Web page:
Reading and Writing » Comprehension Strategies

Comprehension Strategies

Here are six comprehension reading strategies all young readers should learn and memorize.
The more they become familiar with them, the easier it will be for them to understand the text and to respond to it.
1. Spinner the Spider – Make Connections
Connecting what your child already knows while she reads sharpens her focus and deepens understanding. Show him/her how to make connections by sharing your own connections as you read aloud.
Maybe the book mentions places you’ve been together on vacation. Talk about your memories of those places. Invite your child to have a turn. Remind your child that good readers make all kinds of connections as they read.
There are three kinds of connections readers make before, during, or after reading:
Make connections to what you already know
Text to Self, which could sounds like:
This reminds me of my own life…
I can relate to this character because…
If it was me, I would…
Text to Text, which could sounds like:
This reminds me of another book I’ve read/movie I’ve watched…
This is different from the other book because…
This is the same as the other book because…
Text to World, which could sounds like:
This reminds me of ________ going on in the word right now…
This is similar to _________ that’s happening in the news…
This is different to _______ that’s happening in the news…
2. Rocky Racoon – Visualize as You Read
Creating visual images brings the text alive. These “mind movies” make the story more memorable. You can help your child do this by reading aloud and describing the pictures you’re seeing in your own imagination. Use all five senses and emotions. Invite your child to share her “mind movies.”
Notice how they’re different from yours. You might even ask your child to draw what’s in her imagination.
Visualizing refers to our ability to create pictures in our heads based on text we read or words we hear. It is one of many skills that makes reading comprehension possible. This method is an ideal strategy to teach to young children who are learning to read.
Visualize or make a mind movie
3. Digger the Dog – Dig for Important Ideas
Determining what’s important is central to reading. When you read a story with your child, you might download a “story element” organizer. You can use it to keep track of the main characters, where the story is taking place, and the problem and solution of the story.
Nonfiction texts look different from fiction. They’re organized with features like the table of contents, headings, bold print, photos and the index.
Identifying the main idea and summarizing requires that children determine what is important and then put it in their own words. Implicit in this process is trying to understand the author’s purpose in writing the text.
Dig for important ideas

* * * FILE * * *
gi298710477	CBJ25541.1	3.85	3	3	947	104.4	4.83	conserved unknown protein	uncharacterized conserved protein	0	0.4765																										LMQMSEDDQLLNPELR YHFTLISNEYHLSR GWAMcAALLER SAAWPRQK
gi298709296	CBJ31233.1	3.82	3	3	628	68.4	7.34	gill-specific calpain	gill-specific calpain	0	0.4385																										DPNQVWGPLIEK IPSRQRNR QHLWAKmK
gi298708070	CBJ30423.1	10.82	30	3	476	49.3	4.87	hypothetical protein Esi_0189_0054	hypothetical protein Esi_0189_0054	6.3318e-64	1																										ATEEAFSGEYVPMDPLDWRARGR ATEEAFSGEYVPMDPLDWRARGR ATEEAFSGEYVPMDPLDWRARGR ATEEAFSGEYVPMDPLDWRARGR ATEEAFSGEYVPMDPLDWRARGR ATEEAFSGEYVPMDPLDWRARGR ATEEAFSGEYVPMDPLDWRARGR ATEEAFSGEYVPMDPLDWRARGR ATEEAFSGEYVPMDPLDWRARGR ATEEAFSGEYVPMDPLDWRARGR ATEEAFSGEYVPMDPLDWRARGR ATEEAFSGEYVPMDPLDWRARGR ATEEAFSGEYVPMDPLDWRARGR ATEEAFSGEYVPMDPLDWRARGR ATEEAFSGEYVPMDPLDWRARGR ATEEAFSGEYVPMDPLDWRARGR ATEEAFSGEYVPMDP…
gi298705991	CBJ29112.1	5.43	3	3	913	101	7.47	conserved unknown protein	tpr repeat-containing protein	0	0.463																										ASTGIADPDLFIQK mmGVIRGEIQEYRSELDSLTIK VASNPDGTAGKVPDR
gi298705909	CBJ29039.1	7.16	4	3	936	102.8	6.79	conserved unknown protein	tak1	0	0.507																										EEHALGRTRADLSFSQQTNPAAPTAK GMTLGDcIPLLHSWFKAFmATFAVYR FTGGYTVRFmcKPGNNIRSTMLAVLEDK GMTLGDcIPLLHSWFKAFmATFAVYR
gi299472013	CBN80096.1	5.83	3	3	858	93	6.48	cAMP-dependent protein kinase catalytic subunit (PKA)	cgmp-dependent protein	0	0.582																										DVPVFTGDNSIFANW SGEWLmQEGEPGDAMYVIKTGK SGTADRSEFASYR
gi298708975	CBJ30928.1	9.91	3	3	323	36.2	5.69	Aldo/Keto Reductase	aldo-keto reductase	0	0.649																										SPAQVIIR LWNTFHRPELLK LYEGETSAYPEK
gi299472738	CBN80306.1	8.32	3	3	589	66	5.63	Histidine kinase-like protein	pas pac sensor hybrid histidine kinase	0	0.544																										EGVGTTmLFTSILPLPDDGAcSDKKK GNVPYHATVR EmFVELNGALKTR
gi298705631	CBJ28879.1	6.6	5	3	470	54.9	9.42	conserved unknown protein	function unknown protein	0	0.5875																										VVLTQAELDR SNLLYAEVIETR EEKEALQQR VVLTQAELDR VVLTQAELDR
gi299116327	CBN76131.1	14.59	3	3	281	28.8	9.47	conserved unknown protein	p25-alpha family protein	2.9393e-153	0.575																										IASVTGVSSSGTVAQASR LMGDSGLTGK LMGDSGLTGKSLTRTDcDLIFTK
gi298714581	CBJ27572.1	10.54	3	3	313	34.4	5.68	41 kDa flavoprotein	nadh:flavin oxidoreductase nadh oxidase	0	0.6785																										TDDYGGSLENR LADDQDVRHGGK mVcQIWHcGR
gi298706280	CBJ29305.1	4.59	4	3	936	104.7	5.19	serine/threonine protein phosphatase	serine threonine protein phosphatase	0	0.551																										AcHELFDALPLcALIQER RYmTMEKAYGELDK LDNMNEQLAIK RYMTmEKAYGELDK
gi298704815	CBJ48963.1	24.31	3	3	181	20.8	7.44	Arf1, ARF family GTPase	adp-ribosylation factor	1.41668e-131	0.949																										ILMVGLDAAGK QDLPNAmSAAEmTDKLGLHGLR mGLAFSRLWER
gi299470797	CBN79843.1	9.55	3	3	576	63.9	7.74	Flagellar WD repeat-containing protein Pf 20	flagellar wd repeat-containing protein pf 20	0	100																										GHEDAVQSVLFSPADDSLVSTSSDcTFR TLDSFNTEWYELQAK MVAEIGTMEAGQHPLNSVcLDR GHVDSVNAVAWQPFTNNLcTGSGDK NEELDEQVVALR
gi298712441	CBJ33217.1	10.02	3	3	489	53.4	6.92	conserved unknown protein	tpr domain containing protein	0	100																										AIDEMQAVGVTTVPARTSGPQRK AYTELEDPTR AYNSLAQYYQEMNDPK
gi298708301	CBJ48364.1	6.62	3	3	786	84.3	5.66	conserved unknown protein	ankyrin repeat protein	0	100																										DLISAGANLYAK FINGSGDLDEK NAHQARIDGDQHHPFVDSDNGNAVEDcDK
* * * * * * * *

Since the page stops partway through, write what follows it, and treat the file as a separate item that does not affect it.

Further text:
4. Jabber the Reteller – Retell the Story
Young readers should be able to talk about the beginning, middle, and end.
Have your child retell the story using sentence stems:
  • In the beginning…
  • Then in the middle…
  • Finally, in the end…
Talk about the beginning, middle, and end
5. Questioning Owl – Ask Questions as You Read
Asking questions will make your child want to look for clues in the text. Pose questions that will spark your child’s curiosity as you read aloud. Frequently ask her, “What are you wondering?” Jot down those “wonderings” and then see how they turn out. Remind your child that good readers challenge what they’re reading by asking questions.
Ask questions to spark curiosity
There are two different types of questions:
Thin Questions: Questions found right in the text that ask children to find the one right answer located in one place as a word or a sentence in the passage.
Example: Who is Frog’s friend? Answer: Toad
Thick Questions: Questions require readers to use what they already know, with what they have learned from reading the text. They must understand the text and relate it to their prior knowledge before answering the question. Example: How do think Frog felt when he found Toad? Answer: I think that Frog felt happy because he had not seen Toad in a long time. I feel happy when I get to see my friend who lives far away.
Questions are answered based on a prior knowledge and experiences. Reading the text may not be helpful to them when answering this type of question. Example: How would you feel if your best friend moved away? Answer: I would feel very sad if my best friend moved away because I would miss her.
6. Iggy the Inferring Iguana – Make a Guess!
Combine what we already know with clues from a story
We “infer” by combining what we already know with clues from a story. For example, when we read, “Her eyes were red and her nose was runny,” we can infer that she has a cold or allergies.
You can help your child with this reading skill by predicting what might happen in the story as you read aloud. Then invite your child to do the same.
Inference can be defined as the process of drawing of a conclusion based on the available evidence plus previous knowledge and experience. Inferencing means reading between the lines. Readers are required to make an educated guess, as the answer will not be stated explicitly. They must use clues from the text, coupled with their own experiences, to draw a logical conclusion.
Inferring is just putting clues together and using that voice inside your head to help you figure it out. Clues + Schema (Thinking) = Inferring.
Good readers are active readers. When your child has a hard time understanding what she reads, instruction can help. Give it a try!
Click below to download the Comprehension Strategies for Parents PDF file.